My son got into the car, tears streaming down his cheeks. We drove away from the home we had been housesitting for a week, and away from two enormous, beautiful dogs that my son had grown to deeply love in that short time.
Arrive, settle in, grow attached to the pets, the people, the view, say goodbye and repeat…repeat…repeat… That is what our time on home assignment was like as we spent over three months in different cities and in many different places. It's not that we're not grateful – we are! We've been blessed with beautiful homes and cars to drive and delicious food to eat, but the constant moving means many goodbyes for our kids. And the final goodbye comes at the end of the time when we go back to Central Asia. The pain and the heartache and the emotional exhaustion is too much for me and I grieve when I think of how it is for our kids.
They say that Third Culture Kids (TCKs) are always saying goodbye and so when they meet someone they can go deep very quickly. This also means that they get attached very quickly and the ripping of relationships stings when they have to say goodbye.
How do we allow our kids to process, to grieve well, when we're so busy trying to deal with our own grief and pain and stress of transition? How do I model healthy grieving for my kids when it takes all my effort not to collapse in a puddle on the airport floor when I'm saying goodbye?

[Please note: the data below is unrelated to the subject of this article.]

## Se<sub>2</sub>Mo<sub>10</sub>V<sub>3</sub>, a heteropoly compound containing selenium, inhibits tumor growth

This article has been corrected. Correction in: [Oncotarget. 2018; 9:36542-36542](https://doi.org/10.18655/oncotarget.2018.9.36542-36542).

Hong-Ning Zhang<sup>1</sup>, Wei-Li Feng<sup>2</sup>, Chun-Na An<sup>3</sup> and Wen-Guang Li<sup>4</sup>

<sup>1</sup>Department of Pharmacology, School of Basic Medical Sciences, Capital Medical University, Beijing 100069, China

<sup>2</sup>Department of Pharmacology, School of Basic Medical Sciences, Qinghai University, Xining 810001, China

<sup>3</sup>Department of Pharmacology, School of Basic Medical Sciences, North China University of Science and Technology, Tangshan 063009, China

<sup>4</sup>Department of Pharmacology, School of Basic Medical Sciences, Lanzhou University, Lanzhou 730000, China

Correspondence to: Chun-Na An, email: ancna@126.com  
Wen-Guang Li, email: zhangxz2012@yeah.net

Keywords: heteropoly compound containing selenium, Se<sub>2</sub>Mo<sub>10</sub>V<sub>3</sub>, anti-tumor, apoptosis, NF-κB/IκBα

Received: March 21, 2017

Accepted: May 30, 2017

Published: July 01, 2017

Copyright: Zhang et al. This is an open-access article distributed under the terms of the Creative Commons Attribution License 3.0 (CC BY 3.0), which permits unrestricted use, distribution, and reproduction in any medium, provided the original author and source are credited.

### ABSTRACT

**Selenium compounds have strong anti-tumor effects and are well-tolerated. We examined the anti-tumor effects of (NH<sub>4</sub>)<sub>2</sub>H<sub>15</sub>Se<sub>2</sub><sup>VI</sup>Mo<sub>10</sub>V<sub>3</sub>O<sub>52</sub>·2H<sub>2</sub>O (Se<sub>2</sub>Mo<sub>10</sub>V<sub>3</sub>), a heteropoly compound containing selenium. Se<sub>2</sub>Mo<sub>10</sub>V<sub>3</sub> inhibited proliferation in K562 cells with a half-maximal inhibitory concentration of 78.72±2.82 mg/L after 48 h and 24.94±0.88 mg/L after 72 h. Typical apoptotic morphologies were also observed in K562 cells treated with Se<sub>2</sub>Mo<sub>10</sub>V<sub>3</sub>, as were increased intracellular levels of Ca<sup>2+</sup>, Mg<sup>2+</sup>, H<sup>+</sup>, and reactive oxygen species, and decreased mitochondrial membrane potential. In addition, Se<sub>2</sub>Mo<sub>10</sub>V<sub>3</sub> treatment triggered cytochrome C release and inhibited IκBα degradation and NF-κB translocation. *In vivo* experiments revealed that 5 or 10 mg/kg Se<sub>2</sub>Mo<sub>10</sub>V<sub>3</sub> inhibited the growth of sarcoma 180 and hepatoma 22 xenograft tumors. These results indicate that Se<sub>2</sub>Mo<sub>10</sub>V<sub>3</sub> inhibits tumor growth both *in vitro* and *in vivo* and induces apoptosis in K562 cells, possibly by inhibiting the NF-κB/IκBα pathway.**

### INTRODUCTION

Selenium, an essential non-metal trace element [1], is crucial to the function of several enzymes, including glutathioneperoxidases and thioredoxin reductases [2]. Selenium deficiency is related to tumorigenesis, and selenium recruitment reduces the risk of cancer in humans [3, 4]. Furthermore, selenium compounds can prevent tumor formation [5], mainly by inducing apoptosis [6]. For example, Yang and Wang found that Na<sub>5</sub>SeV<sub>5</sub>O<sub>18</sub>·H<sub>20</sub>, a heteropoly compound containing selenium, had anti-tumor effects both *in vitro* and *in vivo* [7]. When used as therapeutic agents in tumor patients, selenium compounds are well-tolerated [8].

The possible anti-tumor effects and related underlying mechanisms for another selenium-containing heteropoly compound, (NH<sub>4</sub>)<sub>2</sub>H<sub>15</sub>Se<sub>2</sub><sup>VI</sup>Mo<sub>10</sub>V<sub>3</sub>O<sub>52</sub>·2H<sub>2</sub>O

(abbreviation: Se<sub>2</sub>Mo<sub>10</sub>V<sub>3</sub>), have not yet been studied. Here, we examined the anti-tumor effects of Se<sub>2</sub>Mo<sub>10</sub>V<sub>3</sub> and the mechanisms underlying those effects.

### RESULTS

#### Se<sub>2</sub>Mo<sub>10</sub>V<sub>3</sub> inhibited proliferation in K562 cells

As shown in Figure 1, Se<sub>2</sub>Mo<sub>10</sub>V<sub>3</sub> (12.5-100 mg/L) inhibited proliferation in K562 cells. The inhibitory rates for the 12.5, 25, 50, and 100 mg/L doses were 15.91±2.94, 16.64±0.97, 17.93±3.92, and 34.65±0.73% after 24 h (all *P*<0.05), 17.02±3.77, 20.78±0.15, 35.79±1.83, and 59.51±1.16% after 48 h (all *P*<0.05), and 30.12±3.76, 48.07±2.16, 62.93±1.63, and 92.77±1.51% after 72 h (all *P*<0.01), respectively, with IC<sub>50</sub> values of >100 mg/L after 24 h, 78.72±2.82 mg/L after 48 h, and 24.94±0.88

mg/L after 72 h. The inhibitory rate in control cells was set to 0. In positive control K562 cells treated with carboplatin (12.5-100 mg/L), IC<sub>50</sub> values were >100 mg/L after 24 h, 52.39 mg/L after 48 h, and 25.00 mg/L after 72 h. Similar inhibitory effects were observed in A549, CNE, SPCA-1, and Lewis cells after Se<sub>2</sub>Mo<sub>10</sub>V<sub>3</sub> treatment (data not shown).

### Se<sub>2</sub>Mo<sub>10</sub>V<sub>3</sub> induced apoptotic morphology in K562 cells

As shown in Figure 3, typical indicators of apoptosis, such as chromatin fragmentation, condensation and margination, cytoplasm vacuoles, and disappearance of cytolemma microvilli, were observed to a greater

I've read some helpful books and articles on TCKs transitioning and their advice is to have open and honest conversations with your kids and to allow them to process their feelings. And yet we've found that when our kids are young, grieving often looks like a temper tantrum over something seemingly insignificant or sometimes grieving is expressed as anger and bullying of siblings.
I long for the day when there are no more goodbyes, but that's probably not going to happen during our lifetime. There will be goodbyes and grieving and heartache.
So why do we still go through all the goodbyes? Because in the midst of the pain and grieving God does not leave us without hope. He promises that one day we will be with Him and “He will wipe every tear from their eyes. There will be no more death’ or mourning or crying or pain, for the old order of things has passed away.” – Revelation 21:4 (NIV).
I do long for that day, especially as my children once again say goodbye to places and people that they have grown to love. There will be many more painful goodbyes, but ultimately there will be a time when even pain will be removed and maybe forgotten.
Is it worth it? Wouldn’t it just be easier to stay in our home country and avoid so much of the heartache that we put ourselves and our children through? It is worth it and we continue to grieve the goodbyes for this reason: that others may know the hope and love which God freely gives us. It is worth it so that those who have never heard the name of Jesus before will know that there is an end and a hope in their grieving and their sorrow and their pain as well. There is a hope and a truth that we have to share that makes all the goodbyes – although no less painful – worthwhile.
Beth is from the global South, and she loves the ocean and cold Christmas dinner on a hot day around the pool. She is married to an adventurer, and they have three wonderfully unique children.